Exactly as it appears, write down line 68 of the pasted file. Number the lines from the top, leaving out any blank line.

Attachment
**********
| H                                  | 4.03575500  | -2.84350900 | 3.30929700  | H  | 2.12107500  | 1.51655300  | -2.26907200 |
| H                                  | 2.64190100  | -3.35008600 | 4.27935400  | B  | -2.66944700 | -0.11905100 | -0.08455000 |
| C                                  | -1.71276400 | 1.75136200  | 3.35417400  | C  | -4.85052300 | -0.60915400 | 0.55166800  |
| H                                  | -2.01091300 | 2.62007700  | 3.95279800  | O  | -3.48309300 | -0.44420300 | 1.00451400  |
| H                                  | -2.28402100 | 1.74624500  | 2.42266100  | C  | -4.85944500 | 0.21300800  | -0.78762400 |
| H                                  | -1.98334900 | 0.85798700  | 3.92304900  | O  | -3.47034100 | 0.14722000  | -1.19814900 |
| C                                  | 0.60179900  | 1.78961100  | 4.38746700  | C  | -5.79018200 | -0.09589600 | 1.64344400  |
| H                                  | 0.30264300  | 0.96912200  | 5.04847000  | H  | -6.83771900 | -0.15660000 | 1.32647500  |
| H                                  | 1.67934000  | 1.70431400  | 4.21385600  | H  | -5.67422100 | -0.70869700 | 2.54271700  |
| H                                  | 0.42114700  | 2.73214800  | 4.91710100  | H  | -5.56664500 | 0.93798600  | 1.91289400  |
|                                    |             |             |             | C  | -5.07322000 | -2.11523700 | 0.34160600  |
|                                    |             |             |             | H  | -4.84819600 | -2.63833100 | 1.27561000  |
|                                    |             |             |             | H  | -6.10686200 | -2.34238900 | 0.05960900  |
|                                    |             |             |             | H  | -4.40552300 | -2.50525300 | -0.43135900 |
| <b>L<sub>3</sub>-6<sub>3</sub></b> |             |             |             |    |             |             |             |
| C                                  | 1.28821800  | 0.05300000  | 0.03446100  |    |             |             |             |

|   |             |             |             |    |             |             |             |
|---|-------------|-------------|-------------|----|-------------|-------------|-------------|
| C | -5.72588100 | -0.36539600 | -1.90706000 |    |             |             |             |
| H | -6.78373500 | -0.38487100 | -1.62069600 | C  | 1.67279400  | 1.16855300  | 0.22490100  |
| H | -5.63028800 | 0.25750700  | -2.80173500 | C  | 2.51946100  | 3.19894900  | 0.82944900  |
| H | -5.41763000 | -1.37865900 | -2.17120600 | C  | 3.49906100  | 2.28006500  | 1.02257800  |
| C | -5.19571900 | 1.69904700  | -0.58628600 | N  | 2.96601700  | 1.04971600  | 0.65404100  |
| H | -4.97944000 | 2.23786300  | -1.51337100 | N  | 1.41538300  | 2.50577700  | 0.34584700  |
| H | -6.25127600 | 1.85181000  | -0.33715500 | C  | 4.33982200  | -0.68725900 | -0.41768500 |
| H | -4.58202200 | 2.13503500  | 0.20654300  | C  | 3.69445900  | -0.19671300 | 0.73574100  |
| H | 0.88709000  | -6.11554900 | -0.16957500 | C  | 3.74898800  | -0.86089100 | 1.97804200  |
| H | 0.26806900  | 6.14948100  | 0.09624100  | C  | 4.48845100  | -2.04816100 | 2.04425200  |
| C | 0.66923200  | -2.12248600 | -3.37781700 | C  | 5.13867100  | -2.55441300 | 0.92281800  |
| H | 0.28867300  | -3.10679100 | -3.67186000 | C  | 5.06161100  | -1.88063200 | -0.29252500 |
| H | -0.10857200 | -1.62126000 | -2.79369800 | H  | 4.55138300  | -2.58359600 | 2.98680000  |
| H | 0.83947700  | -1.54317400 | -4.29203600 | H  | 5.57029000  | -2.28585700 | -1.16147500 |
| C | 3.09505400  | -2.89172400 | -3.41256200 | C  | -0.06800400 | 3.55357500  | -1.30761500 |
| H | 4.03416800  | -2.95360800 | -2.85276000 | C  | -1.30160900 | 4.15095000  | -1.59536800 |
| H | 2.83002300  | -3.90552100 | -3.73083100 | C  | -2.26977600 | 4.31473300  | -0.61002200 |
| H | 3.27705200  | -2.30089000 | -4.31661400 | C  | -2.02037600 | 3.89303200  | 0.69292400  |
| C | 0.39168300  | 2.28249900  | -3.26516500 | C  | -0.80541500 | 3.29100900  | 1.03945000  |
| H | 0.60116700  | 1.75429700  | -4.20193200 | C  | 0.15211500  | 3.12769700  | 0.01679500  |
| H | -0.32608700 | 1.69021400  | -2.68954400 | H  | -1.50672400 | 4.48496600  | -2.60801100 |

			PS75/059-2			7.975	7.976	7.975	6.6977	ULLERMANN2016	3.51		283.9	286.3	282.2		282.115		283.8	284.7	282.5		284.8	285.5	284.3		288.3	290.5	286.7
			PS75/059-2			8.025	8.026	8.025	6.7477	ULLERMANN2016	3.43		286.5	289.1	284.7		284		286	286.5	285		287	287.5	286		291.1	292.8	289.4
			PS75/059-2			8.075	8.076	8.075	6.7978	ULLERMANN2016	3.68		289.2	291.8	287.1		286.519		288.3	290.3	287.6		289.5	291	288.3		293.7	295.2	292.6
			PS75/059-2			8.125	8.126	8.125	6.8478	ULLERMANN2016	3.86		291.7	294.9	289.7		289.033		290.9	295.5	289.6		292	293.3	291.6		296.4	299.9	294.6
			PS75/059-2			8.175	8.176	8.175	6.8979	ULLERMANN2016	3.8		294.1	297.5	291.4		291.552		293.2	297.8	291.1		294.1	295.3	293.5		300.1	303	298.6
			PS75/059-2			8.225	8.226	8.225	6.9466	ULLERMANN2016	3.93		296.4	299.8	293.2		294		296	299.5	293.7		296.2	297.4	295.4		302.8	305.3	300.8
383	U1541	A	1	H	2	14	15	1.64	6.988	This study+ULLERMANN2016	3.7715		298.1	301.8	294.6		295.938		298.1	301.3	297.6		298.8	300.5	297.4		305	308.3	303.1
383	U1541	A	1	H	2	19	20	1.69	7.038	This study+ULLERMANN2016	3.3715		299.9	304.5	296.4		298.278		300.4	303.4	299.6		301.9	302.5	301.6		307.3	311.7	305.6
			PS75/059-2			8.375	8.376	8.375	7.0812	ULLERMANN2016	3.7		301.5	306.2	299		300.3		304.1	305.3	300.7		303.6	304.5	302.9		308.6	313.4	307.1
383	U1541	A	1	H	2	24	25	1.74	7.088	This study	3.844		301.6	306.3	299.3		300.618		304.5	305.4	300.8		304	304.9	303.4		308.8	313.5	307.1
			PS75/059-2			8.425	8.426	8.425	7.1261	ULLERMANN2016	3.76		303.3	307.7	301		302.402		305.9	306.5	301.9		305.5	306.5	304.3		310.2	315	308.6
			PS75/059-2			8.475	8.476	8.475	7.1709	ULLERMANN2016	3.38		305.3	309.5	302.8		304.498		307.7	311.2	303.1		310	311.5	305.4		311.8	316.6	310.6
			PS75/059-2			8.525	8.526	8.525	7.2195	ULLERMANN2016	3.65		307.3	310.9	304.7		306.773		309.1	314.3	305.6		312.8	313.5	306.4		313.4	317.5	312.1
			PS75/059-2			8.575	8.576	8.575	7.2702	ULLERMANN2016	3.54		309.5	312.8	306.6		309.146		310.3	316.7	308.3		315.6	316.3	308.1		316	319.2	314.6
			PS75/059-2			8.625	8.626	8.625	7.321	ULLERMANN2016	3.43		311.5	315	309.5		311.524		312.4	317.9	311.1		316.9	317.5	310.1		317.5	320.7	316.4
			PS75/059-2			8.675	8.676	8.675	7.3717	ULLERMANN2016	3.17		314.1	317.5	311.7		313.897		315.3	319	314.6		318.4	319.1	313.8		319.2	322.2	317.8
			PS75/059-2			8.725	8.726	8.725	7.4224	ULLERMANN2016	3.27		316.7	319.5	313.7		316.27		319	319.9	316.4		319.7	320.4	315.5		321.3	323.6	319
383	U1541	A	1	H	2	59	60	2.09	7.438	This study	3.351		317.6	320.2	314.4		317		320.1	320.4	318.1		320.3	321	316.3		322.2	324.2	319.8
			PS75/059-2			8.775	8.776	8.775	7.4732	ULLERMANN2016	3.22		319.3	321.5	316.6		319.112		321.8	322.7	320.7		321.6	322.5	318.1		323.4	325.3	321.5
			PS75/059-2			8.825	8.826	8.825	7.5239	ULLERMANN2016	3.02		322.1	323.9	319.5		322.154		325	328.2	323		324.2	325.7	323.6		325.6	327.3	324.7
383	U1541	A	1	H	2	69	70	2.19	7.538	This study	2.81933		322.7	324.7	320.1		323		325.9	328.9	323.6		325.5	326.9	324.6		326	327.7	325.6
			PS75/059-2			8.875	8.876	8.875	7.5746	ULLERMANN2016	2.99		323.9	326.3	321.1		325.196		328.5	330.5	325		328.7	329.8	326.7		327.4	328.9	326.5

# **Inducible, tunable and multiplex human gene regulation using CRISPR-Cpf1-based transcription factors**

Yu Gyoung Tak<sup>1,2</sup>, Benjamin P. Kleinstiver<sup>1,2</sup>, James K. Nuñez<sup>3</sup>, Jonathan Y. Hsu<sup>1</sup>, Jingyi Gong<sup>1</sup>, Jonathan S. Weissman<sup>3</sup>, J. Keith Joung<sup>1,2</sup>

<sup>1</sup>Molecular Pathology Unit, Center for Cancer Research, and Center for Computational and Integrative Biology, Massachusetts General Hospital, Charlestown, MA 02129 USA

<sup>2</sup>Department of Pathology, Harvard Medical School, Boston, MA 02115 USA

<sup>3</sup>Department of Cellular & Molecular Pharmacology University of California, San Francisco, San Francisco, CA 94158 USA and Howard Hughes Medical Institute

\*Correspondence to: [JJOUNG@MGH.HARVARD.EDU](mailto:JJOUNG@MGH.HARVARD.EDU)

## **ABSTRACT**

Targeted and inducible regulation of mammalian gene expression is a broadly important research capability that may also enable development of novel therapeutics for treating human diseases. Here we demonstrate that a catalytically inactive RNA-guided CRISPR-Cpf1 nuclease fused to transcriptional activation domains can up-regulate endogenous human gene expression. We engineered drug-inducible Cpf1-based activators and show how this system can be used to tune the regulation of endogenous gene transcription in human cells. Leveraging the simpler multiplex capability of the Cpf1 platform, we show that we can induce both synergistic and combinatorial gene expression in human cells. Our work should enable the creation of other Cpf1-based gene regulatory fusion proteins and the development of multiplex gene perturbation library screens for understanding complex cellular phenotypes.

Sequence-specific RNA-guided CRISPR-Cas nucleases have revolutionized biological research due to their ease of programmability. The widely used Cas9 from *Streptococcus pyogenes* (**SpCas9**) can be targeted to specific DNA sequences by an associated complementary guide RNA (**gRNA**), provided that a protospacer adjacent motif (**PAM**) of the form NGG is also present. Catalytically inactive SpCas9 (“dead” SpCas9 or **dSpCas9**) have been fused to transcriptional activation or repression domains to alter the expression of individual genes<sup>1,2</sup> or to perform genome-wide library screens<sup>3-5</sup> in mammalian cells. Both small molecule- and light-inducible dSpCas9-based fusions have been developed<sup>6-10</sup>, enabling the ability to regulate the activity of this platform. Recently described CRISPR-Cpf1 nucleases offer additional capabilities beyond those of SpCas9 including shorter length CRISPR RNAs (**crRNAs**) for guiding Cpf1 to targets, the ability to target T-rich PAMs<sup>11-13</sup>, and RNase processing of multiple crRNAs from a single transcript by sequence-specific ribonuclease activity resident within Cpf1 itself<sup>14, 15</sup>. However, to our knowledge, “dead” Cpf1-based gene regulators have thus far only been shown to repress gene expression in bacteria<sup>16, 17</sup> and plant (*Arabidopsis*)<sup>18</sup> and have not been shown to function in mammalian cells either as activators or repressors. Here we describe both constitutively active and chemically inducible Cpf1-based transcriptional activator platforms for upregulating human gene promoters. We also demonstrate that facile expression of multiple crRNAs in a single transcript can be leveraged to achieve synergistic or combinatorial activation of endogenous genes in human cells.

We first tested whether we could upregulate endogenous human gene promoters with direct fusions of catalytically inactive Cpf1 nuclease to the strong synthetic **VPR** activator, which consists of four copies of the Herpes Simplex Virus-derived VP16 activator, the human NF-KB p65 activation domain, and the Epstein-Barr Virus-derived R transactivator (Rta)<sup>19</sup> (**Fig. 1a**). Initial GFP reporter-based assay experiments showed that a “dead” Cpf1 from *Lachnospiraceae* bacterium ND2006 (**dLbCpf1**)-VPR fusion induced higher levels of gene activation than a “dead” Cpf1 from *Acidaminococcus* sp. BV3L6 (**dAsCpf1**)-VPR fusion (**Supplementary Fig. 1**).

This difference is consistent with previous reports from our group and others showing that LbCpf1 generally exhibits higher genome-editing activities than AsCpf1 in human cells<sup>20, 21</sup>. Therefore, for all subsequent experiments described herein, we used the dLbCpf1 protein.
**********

## **ABSTRACT**